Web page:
The audit uses confidential data collected for the National Survey on HIV in Pregnancy and Childhood (NSHPC). Reporting to the NSHPC is voluntary and currently receives data from approximately 225 centres.
Pregnancies with an estimated delivery date between 1 January 2013 and 30 June 2014 were included. BHIVA audited data against outcomes described in its 2012 guidelines. Sonia Raffe from Royal Sussex County Hospital, Brighton presented these findings.
During the 18 month period there were 1483 pregnancies in 1469 HIV positive women. The majority (73.7%) were black African; 17% white; 3.1% black Caribbean; and 6.1% other or undocumented. Almost two thirds (64.8%) of women were aged 30 to 39 years at their estimated delivery date; 23% were 20 to 29; 11% were 40 or more; and only 0.8% were 16 to 19. Most women (85.2%) acquired HIV through heterosexual sex.
Of the total pregnancies, 1263/1483 (85.2%) women were diagnosed with HIV before they became pregnant: 920 conceived on ART; 332 off ART; and ART status for the remaining 11 were unclear. The 217 (14.6%) women who were diagnosed in pregnancy included 6 known seroconverters. The time of diagnosis was unclear for 3 women.
Of the diagnoses in pregnancy, 140/217 (65%) were made between 0 and 15 weeks; 53 (24%) were between 16 and 23 weeks; 17 (8%) between 24 and 35 weeks; and 7 (3%) were diagnosed at 36 weeks or later.
The audit found management of women who had conceived off ART but were indicated for treatment for HIV to be 94% compliant with BHIVA guidelines; 3% of women received different antiretrovirals to the recommended ones (including one who was given AZT monotherapy); and management of 3% was unknown or not reported.
For women who conceive off ART and are not indicated for treatment for their own health, the BHIVA recommendations are stratified by viral load. The audit found excellent compliance among this group (n=338): 98%, 99% and 100% for viral loads <10,000, 10,000 to 100,000 and >100,000 copies/mL respectively. Only 8 women (5%) in the <10,000 copies/mL group received AZT monotherapy.
Management of 2 late presenters with very high viral loads (booked after 28 weeks, viral load unknown or >100,000 copies/mL) was 100% compliant with the guidelines, which recommend intensive regimens containing raltegravir.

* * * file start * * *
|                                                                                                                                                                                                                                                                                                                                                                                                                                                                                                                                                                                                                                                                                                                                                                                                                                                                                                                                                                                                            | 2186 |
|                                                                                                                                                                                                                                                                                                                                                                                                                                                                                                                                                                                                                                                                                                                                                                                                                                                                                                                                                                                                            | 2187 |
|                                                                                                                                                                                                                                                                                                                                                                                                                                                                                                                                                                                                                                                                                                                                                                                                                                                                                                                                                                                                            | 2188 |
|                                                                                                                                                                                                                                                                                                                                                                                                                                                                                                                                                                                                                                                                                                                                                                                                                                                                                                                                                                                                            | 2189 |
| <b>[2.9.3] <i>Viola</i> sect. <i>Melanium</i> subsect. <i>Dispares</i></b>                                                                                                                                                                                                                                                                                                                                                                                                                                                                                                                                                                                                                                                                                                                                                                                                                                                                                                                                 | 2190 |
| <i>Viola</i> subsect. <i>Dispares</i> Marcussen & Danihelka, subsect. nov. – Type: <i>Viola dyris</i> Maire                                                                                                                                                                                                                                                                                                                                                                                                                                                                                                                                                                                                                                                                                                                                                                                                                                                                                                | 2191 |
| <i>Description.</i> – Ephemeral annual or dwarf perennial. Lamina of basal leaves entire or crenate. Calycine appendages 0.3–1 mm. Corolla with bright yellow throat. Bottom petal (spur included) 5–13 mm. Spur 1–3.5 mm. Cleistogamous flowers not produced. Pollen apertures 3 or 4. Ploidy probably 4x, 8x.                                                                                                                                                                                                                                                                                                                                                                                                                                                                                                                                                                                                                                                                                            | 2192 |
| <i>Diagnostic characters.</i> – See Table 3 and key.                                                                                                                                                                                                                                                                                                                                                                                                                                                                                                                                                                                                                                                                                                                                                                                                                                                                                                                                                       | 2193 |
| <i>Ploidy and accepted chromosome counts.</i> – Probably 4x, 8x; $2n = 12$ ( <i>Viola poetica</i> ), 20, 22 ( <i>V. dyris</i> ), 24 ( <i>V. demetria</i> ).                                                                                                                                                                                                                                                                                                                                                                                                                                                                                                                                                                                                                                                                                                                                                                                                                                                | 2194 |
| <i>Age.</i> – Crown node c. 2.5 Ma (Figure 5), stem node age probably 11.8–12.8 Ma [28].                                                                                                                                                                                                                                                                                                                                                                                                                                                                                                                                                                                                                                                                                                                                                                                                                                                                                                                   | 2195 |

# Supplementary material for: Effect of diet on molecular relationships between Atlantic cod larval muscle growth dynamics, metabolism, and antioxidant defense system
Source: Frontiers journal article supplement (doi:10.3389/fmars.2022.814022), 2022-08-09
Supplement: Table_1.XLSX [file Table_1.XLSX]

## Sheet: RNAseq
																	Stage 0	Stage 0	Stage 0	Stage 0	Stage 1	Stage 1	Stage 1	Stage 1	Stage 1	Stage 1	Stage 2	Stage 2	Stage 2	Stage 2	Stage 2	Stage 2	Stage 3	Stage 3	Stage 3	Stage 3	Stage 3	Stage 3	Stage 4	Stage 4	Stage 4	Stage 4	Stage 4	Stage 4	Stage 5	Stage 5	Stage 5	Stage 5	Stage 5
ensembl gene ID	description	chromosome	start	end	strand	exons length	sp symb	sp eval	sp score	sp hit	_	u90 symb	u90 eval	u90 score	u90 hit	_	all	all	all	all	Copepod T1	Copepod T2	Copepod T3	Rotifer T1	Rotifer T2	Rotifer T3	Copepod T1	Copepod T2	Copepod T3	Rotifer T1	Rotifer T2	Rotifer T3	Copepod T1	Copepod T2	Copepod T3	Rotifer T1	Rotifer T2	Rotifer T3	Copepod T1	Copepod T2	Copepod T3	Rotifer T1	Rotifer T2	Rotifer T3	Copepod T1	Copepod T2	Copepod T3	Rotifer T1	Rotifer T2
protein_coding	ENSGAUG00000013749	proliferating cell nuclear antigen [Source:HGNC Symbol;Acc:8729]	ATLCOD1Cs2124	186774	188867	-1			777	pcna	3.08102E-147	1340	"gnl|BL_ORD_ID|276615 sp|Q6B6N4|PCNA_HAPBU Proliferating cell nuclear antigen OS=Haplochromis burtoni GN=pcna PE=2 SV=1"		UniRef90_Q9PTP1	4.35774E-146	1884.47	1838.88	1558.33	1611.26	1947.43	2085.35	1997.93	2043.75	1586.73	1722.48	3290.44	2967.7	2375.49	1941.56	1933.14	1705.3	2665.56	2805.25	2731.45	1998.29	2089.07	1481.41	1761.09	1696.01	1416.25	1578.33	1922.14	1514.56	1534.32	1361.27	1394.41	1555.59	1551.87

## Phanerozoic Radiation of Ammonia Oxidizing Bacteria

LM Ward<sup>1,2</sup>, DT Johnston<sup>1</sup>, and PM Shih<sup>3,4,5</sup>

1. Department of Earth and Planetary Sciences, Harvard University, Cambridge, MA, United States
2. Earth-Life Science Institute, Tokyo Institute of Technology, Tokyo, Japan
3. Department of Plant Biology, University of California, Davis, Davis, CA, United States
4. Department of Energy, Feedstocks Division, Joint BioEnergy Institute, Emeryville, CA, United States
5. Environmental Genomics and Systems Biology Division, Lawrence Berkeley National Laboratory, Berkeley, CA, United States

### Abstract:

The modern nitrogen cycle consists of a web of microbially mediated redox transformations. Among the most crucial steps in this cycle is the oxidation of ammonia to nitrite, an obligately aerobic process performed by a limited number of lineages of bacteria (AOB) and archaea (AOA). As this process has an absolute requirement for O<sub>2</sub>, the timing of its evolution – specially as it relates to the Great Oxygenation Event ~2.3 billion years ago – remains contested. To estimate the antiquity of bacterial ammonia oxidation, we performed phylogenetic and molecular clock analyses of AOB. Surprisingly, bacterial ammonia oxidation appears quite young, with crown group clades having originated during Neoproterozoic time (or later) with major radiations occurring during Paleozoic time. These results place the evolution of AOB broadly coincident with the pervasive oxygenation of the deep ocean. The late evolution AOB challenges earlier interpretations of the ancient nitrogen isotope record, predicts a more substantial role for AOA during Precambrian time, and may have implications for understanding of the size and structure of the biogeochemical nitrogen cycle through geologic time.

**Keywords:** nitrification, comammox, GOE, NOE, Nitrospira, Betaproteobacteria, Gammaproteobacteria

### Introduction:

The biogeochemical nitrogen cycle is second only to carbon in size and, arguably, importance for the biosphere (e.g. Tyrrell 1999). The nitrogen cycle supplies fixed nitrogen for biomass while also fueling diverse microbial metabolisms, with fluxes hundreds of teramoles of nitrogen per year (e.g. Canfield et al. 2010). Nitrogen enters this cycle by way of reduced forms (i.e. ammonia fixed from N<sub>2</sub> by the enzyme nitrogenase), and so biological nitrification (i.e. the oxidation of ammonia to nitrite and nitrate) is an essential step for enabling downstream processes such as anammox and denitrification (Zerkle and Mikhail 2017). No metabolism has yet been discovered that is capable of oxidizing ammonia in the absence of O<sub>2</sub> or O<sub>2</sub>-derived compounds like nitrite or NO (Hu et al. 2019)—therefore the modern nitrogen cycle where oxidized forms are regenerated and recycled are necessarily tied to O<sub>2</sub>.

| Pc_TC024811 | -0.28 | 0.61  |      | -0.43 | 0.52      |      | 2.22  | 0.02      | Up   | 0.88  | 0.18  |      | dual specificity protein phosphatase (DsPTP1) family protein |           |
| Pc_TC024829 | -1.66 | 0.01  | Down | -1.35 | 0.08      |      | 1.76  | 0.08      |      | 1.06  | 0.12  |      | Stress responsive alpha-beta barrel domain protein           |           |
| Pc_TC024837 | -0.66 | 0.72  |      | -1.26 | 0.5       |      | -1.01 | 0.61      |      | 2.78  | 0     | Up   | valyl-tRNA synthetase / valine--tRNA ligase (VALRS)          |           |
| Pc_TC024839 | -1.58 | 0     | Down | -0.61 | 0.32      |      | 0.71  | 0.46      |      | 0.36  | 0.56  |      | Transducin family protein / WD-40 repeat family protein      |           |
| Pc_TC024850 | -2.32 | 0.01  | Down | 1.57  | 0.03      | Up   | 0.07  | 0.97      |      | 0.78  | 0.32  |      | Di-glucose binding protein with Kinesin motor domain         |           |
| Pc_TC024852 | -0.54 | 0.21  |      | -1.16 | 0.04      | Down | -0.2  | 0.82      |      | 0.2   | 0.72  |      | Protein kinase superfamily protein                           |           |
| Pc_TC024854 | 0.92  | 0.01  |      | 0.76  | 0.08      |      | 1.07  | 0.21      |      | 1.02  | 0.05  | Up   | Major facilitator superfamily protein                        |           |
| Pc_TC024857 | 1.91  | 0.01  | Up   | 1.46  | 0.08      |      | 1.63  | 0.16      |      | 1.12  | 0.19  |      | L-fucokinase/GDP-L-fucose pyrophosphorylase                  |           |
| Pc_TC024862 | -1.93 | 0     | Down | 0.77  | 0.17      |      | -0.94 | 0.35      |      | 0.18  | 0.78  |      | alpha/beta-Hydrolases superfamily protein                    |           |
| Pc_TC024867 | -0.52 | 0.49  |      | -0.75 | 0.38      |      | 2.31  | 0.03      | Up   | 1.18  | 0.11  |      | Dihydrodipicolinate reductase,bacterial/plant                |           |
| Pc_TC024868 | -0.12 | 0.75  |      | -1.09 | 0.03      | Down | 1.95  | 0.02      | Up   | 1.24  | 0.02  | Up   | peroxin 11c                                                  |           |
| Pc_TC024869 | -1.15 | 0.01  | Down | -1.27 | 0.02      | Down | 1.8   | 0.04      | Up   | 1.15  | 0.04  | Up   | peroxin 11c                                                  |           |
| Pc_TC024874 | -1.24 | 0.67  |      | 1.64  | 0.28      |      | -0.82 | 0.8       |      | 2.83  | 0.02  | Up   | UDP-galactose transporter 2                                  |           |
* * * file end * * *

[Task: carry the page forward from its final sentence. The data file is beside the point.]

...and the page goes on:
Dr Raffe included a few extra observations:
In 12 pregnancies no ART was reported; 8 were ongoing at the time of the audit. The remaining 4 resulted in live births: 2 women declined ART but had elective Caesarean sections; 1 was diagnosed in labour and delivered vaginally; and 1 was known to be HIV positive but not booked for antenatal care and delivered vaginally.
The results for starting ART were disappointing.
The guidelines recommend that women who need treatment (CD4 <350 cells/mm3 or otherwise indicated) start ART as soon as possible. The audit looked at a start date within 2 weeks of diagnosis.
Of the 105 women diagnosed during pregnancy with CD4 <350 cells/mm3, only 29% started ART within the target time of 2 weeks. Almost half (n=43) started 29 days or more after diagnosis.
Of 108 women who were diagnosed before conception with <350 cells/mm3, 33 started within 2 weeks of booking and 44 started ART more than 29 days after diagnosis.
The recommendation for women with viral load <30,000 copies/mL is to start ART by the beginning of week 24 of gestation and >30,000 copies/mL by the beginning of week 16.
Starting ART for women with <30,000 copies/mL was 76% compliant with guidelines but only 38% compliant for those in the >30,000 copies/mL group.
BHIVA recommend that all women diagnosed with HIV have a sexual health screening. There was a marked increase in sexual health screening over the audit period. For women diagnosed with HIV during pregnancy the rate rose from <10% in the first quarter of 2013 to nearly 80% in the second quarter of 2014. The overall rate was lower, about 50% by the second quarter of 2014 across all pregnancies.
Of a total of 1354 pregnancies resulting in live births, 613 (45%) had viral load results from between 36 weeks gestation and delivery as recommended; 21% and 29% had viral load data from 34 to 35 weeks gestation or earlier in pregnancy respectively; and 4% had none.